Alas, the ignorance of techno-geniuses is not limited to trading mechanisms.  One of the supposed benefits of blockchain that is that it allows the ownership of anything–a painting, a house, you name it–to be divided into shares, with the fractional interests recorded in an immutable register, and traded peer-to-peer.  That is, block chain facilitates equitization of assets.  A breakthrough!

Uhm, not really. The benefits of equitizing assets and risks has been long, long understood by economists.  In particular, it has long been understood that equitization facilitates more efficient risk sharing.

But long ago, economists also recognized that despite these apparent benefits, in fact very few assets and risks are equitized.  A vast literature has come up with explanations why.  Information and incentive problems–moral hazard and adverse selection–are notable among these.  A prosaic example: If I sell off shares in my car, what incentive do I have to maintain it properly and to economize on wear and tear and to reduce the probability of theft?  Who pays for maintenance? Who decides on what maintenance is needed?  When I sell the shares, I am likely to have better information about the value and condition of the vehicle, which would subject the buyers to an adverse selection problem, meaning that I am likely to get a low price for the shares–so why bother selling them?  There are other transactions cost problems associated with measurement (who verifies exactly what the asset is?) and opportunism and governance and control.   Related to the centralized trading point, if an asset is highly idiosyncratic/unstandardized, the desire to trade fractional shares will be small.

A potentially slightly cheaper way of recording and transferring fractional ownership does not address these far, far, far more fundamental impediments to equitizing (or should I say, “tokenizing”?) assets and risks.  But the coder geniuses miss the forest for the trees.  They see the issue that their technology can address, and think that it will be revolutionary, only because they do not understand the broader economic issues in play, and therefore think everyone born before them or who does not code must be an idiot.

No, not really.  They are looking at the capillaries, and missing the heart, veins, and arteries.

It reminds me of the Mark Twain quote: “When I was a boy of fourteen, my father was so ignorant I could hardly stand to have the old man around. But when I got to be twenty-one, I was astonished at how much he had learned in seven years.”  Except seven years haven’t passed for the Buterins of the world, and frankly, I seriously doubt that they will.  Instead, they inhabit a techno-Groundhog Day.

All of this is symptomatic of blockchain hype and froth.  There is an indication that we have reached peak hype.  R3, a bank-led blockchain consortium, is contemplating an IPO.  To me this is a signal that those on the inside of blockchain development, especially in the area where its benefits have been particularly hyped (finance/payments/settlement/fintech) understand that the reality will never match the hyperbole, so it’s best to sell out while hyperbole reigns supreme.  (Yes, they claim that they are being approached by those looking to buy the whole thing, but take that with a big grain of salt–I view it merely as part of the sales pitch.  “This is a hot little property right now.  Better get in before someone snatches it away.”)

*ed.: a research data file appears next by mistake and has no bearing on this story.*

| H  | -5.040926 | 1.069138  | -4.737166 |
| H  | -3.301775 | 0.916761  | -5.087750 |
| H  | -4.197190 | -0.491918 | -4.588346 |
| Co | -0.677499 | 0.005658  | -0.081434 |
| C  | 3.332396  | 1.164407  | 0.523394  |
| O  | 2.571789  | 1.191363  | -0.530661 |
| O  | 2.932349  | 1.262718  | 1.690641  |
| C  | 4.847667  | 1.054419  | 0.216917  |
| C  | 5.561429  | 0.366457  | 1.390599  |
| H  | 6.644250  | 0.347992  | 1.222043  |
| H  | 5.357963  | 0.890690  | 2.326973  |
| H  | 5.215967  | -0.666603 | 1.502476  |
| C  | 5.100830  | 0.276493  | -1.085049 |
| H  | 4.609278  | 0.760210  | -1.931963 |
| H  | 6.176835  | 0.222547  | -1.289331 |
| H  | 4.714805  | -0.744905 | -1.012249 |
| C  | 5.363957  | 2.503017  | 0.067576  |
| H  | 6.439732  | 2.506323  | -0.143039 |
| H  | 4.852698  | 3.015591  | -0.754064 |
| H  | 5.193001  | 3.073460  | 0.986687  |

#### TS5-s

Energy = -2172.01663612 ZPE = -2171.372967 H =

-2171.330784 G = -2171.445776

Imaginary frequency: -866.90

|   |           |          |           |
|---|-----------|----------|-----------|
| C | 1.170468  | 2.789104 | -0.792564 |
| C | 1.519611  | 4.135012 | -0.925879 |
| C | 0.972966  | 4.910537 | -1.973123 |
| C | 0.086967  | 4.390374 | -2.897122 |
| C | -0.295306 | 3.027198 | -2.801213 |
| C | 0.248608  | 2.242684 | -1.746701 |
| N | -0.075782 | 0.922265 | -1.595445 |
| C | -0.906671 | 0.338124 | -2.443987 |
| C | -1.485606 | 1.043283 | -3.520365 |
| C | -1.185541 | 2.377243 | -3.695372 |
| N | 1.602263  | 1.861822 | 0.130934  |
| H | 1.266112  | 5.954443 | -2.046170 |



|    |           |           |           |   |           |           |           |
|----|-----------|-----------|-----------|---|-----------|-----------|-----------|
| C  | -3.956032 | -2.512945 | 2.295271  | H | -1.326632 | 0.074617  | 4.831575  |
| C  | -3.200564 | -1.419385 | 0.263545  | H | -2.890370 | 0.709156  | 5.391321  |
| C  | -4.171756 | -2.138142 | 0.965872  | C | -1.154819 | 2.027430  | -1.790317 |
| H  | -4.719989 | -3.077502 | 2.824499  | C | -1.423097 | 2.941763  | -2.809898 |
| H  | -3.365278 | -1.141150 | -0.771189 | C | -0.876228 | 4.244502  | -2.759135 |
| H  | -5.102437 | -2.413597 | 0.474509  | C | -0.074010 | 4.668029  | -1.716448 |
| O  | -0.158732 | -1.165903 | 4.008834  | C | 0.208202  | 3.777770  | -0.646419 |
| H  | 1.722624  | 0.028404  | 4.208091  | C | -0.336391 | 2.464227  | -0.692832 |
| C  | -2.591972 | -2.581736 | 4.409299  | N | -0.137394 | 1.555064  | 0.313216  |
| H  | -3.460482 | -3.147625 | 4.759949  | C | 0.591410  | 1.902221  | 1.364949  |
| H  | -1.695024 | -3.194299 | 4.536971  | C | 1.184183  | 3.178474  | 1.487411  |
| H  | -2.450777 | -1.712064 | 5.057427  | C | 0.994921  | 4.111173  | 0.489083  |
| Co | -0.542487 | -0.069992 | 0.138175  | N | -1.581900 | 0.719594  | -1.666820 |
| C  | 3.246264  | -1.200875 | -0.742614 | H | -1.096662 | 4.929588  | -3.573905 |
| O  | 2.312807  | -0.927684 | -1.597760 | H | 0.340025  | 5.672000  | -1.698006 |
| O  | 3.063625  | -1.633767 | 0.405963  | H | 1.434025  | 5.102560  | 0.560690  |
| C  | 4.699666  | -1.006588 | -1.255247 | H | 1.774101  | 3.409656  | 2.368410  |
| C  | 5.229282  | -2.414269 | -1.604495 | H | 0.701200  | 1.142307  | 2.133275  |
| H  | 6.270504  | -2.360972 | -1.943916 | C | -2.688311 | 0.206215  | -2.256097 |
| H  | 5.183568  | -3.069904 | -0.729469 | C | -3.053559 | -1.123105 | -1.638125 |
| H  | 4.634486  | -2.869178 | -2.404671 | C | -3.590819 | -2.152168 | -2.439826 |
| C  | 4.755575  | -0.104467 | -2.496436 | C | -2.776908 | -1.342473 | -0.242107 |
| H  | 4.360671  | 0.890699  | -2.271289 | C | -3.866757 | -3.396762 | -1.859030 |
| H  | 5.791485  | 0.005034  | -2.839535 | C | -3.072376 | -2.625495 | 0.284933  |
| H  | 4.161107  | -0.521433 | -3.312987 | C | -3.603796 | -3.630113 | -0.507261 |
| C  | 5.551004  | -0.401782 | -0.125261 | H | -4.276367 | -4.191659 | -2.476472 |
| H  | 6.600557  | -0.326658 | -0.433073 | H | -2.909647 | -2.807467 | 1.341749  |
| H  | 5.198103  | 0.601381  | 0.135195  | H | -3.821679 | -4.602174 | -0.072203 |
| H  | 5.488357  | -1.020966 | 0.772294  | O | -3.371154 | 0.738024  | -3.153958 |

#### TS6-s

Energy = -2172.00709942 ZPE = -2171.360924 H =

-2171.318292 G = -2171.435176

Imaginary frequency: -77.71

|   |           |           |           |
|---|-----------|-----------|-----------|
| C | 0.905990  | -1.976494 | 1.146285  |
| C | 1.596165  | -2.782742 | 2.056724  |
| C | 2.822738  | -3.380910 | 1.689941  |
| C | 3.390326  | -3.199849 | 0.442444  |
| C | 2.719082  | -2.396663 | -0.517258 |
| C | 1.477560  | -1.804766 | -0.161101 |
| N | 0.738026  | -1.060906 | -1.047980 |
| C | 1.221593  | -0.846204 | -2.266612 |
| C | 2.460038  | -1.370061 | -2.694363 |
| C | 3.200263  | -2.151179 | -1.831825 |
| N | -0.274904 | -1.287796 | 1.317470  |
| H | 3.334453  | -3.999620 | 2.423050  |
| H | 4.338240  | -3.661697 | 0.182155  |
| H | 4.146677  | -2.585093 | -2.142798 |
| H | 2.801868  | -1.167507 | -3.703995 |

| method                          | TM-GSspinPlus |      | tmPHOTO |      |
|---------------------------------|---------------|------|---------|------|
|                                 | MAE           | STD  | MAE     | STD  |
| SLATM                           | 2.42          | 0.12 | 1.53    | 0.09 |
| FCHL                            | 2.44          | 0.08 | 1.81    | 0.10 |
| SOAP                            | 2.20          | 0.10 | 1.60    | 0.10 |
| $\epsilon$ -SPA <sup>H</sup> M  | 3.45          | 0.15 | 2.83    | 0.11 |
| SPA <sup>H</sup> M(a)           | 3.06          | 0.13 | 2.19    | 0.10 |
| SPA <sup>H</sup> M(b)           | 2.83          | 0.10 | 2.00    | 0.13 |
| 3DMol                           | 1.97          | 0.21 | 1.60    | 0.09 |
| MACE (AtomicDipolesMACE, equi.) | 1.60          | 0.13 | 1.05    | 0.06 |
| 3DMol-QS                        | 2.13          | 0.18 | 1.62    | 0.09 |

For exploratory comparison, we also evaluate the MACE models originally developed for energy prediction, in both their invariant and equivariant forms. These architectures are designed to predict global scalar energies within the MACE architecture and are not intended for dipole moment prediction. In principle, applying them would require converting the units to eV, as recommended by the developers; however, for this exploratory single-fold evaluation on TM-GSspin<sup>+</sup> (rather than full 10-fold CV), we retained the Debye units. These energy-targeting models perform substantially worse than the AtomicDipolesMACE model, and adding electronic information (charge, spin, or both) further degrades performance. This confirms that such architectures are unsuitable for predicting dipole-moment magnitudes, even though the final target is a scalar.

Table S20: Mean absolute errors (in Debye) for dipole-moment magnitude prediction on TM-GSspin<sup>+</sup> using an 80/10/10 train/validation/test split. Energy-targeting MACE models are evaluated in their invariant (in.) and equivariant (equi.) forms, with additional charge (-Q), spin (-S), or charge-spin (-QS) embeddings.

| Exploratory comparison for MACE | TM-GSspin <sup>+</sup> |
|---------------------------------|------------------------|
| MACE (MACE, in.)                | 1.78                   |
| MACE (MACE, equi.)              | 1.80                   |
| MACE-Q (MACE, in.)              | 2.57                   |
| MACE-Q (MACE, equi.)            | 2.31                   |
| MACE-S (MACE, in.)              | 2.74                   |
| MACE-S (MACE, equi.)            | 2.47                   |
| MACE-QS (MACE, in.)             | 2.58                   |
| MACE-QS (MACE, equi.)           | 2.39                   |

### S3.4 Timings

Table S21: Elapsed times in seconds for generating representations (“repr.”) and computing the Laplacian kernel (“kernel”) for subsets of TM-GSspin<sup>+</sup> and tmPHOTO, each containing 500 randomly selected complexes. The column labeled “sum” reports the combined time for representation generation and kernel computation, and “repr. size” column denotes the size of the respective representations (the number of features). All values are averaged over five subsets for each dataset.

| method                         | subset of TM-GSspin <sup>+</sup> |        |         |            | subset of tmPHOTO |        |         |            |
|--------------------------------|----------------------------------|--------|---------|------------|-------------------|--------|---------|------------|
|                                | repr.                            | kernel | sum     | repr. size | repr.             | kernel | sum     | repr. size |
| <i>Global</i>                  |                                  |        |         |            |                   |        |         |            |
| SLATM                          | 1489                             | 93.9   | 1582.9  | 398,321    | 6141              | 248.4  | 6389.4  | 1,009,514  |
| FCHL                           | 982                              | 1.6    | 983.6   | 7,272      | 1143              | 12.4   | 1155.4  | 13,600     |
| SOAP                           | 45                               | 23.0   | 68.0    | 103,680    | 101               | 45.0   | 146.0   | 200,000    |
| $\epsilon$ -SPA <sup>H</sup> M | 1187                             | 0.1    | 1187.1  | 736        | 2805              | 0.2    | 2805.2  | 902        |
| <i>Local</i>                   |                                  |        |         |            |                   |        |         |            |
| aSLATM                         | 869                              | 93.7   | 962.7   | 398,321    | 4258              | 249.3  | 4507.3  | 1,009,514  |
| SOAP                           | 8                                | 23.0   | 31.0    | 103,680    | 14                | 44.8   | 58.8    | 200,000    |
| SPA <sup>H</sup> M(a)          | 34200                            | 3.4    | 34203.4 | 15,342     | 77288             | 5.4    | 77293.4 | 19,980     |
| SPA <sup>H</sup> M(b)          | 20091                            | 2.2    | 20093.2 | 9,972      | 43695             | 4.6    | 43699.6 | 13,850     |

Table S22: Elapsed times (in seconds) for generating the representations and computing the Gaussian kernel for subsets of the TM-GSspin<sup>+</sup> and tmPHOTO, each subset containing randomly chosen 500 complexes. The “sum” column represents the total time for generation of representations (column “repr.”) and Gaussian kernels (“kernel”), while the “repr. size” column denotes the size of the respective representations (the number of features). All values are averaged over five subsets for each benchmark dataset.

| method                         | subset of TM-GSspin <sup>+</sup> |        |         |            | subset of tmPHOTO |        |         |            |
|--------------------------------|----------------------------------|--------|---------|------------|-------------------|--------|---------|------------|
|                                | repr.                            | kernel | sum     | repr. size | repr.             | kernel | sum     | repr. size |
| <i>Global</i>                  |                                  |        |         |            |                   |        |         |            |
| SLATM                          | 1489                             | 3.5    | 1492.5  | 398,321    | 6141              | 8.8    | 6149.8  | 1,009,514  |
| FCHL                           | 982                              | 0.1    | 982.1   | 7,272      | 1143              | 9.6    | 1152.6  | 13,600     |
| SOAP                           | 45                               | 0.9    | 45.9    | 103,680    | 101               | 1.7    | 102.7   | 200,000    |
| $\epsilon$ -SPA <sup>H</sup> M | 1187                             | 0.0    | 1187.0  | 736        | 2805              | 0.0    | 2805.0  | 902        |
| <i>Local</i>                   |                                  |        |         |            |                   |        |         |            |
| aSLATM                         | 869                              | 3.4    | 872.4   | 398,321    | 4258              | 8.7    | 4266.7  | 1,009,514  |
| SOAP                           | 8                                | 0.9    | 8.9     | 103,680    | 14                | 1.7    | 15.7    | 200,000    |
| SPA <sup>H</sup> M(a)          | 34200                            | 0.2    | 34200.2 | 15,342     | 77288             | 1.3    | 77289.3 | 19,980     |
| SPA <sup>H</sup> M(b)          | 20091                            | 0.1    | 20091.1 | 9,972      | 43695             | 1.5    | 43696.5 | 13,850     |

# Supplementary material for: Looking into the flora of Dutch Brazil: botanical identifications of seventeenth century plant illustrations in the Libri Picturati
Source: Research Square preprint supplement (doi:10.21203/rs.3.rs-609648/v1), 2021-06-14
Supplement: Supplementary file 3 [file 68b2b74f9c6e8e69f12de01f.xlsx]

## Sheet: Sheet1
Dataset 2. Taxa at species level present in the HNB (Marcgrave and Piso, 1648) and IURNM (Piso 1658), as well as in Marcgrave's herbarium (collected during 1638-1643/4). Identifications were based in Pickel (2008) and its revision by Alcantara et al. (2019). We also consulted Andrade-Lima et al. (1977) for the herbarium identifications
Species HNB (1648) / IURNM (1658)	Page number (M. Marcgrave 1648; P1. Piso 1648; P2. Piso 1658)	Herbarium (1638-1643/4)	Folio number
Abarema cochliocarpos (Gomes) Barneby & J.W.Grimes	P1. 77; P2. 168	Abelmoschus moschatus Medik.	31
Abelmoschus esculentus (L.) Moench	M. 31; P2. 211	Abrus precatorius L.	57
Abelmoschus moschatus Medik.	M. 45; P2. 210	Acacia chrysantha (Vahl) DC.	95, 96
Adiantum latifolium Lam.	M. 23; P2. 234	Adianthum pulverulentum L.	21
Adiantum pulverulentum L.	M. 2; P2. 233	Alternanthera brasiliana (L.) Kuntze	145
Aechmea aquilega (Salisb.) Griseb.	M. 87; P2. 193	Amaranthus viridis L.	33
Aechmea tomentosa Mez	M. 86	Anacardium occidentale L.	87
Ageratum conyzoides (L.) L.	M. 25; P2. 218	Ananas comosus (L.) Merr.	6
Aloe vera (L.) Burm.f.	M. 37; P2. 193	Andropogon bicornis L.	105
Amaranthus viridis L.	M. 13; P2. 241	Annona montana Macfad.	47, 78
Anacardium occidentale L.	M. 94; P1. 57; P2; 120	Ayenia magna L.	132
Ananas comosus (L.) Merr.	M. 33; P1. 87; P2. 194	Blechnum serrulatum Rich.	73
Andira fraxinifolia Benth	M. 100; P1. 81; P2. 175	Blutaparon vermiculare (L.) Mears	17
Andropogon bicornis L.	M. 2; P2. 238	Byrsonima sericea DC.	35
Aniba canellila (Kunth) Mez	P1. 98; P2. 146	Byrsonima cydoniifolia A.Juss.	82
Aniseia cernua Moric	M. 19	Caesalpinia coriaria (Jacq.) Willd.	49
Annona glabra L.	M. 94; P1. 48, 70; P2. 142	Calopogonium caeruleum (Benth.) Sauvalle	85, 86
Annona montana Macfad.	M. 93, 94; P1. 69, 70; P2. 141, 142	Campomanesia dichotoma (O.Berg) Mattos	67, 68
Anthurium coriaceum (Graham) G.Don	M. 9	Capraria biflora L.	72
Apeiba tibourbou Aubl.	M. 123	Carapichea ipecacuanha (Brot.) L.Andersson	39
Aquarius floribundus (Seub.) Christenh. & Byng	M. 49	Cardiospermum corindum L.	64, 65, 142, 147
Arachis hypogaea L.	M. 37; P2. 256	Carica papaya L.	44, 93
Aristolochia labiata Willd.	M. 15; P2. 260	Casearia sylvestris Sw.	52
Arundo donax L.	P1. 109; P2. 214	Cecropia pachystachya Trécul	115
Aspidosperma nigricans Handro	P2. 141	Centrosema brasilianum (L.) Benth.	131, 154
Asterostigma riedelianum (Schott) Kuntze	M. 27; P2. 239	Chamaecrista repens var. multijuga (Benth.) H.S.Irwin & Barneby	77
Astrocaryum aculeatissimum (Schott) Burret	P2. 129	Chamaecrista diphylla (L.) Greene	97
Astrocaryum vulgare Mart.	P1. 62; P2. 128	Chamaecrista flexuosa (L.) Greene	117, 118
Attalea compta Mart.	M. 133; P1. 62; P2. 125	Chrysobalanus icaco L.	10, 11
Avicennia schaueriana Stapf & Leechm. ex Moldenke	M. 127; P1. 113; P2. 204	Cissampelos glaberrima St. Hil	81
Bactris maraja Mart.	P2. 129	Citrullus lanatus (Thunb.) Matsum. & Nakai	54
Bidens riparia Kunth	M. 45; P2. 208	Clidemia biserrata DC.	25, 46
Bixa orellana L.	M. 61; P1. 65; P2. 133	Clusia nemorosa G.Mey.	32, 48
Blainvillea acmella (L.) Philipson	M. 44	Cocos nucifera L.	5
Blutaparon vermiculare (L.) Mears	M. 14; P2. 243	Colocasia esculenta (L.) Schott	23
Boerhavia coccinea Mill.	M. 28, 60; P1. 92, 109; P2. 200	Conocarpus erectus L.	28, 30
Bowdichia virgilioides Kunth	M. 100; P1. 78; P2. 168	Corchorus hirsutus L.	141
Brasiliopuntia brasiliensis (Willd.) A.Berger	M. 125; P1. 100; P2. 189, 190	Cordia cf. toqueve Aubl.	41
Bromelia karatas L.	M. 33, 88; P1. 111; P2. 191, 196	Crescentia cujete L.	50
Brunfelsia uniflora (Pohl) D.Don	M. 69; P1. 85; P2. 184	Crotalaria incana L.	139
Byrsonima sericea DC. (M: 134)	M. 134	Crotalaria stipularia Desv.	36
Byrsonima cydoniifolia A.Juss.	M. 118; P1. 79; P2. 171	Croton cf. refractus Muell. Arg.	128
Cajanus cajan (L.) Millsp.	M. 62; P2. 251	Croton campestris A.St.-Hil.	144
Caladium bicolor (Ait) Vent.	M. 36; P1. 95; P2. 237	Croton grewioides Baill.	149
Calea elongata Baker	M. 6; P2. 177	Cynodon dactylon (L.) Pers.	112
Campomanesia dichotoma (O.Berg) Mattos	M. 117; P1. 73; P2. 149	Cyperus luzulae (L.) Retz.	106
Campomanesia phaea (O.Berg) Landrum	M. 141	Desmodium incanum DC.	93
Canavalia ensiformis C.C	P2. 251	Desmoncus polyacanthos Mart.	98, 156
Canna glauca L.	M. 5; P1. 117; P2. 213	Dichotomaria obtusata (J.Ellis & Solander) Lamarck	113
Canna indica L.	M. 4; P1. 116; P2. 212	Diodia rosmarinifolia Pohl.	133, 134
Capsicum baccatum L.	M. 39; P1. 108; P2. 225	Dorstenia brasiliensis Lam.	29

In brief: don’t be the greater fool.

I think that blockchain and DLT will have some viable commercial applications.  But I am highly confident that they will not be nearly as revolutionary as the True Believers claim.  This is in large part due to the fact that it is clear that the True Believers have an extremely narrow, blinkered understanding of the broader economic issues associated with transacting, ownership, risk transfer, incentives, and governance.  Blockchain may address some issues, but many–if not most–of these issues are secondary or tertiary, not fundamental.  Some things are done more efficiently in a centralized fashion–the trading of standardized instruments being one.  Some things are not equitized/tokenized not because it is technically infeasible/prohibitively costly to issue and record fractional interests, but because fractional ownership entails substantial incentive and information problems.

So don’t believe the hype.  And take a pass on those R3 shares, if they do come to market.

Addendum: the dominance of crypto exchanges is even more remarkable, given how they, well, pretty much suck.  They are hardly comparable to modern futures or equities trading exchanges.  Yet people still strongly prefer to trade on rather clunky platforms with major potential security issues where you can’t easily convert digital into fiat currency and which are likely rife with manipulation than peer-to-peer.  That tells you something.

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July 17, 2017

Alphonse and Gaston Meet LMEshield–and Provide a Cautionary Tale for Blockchain Evangelists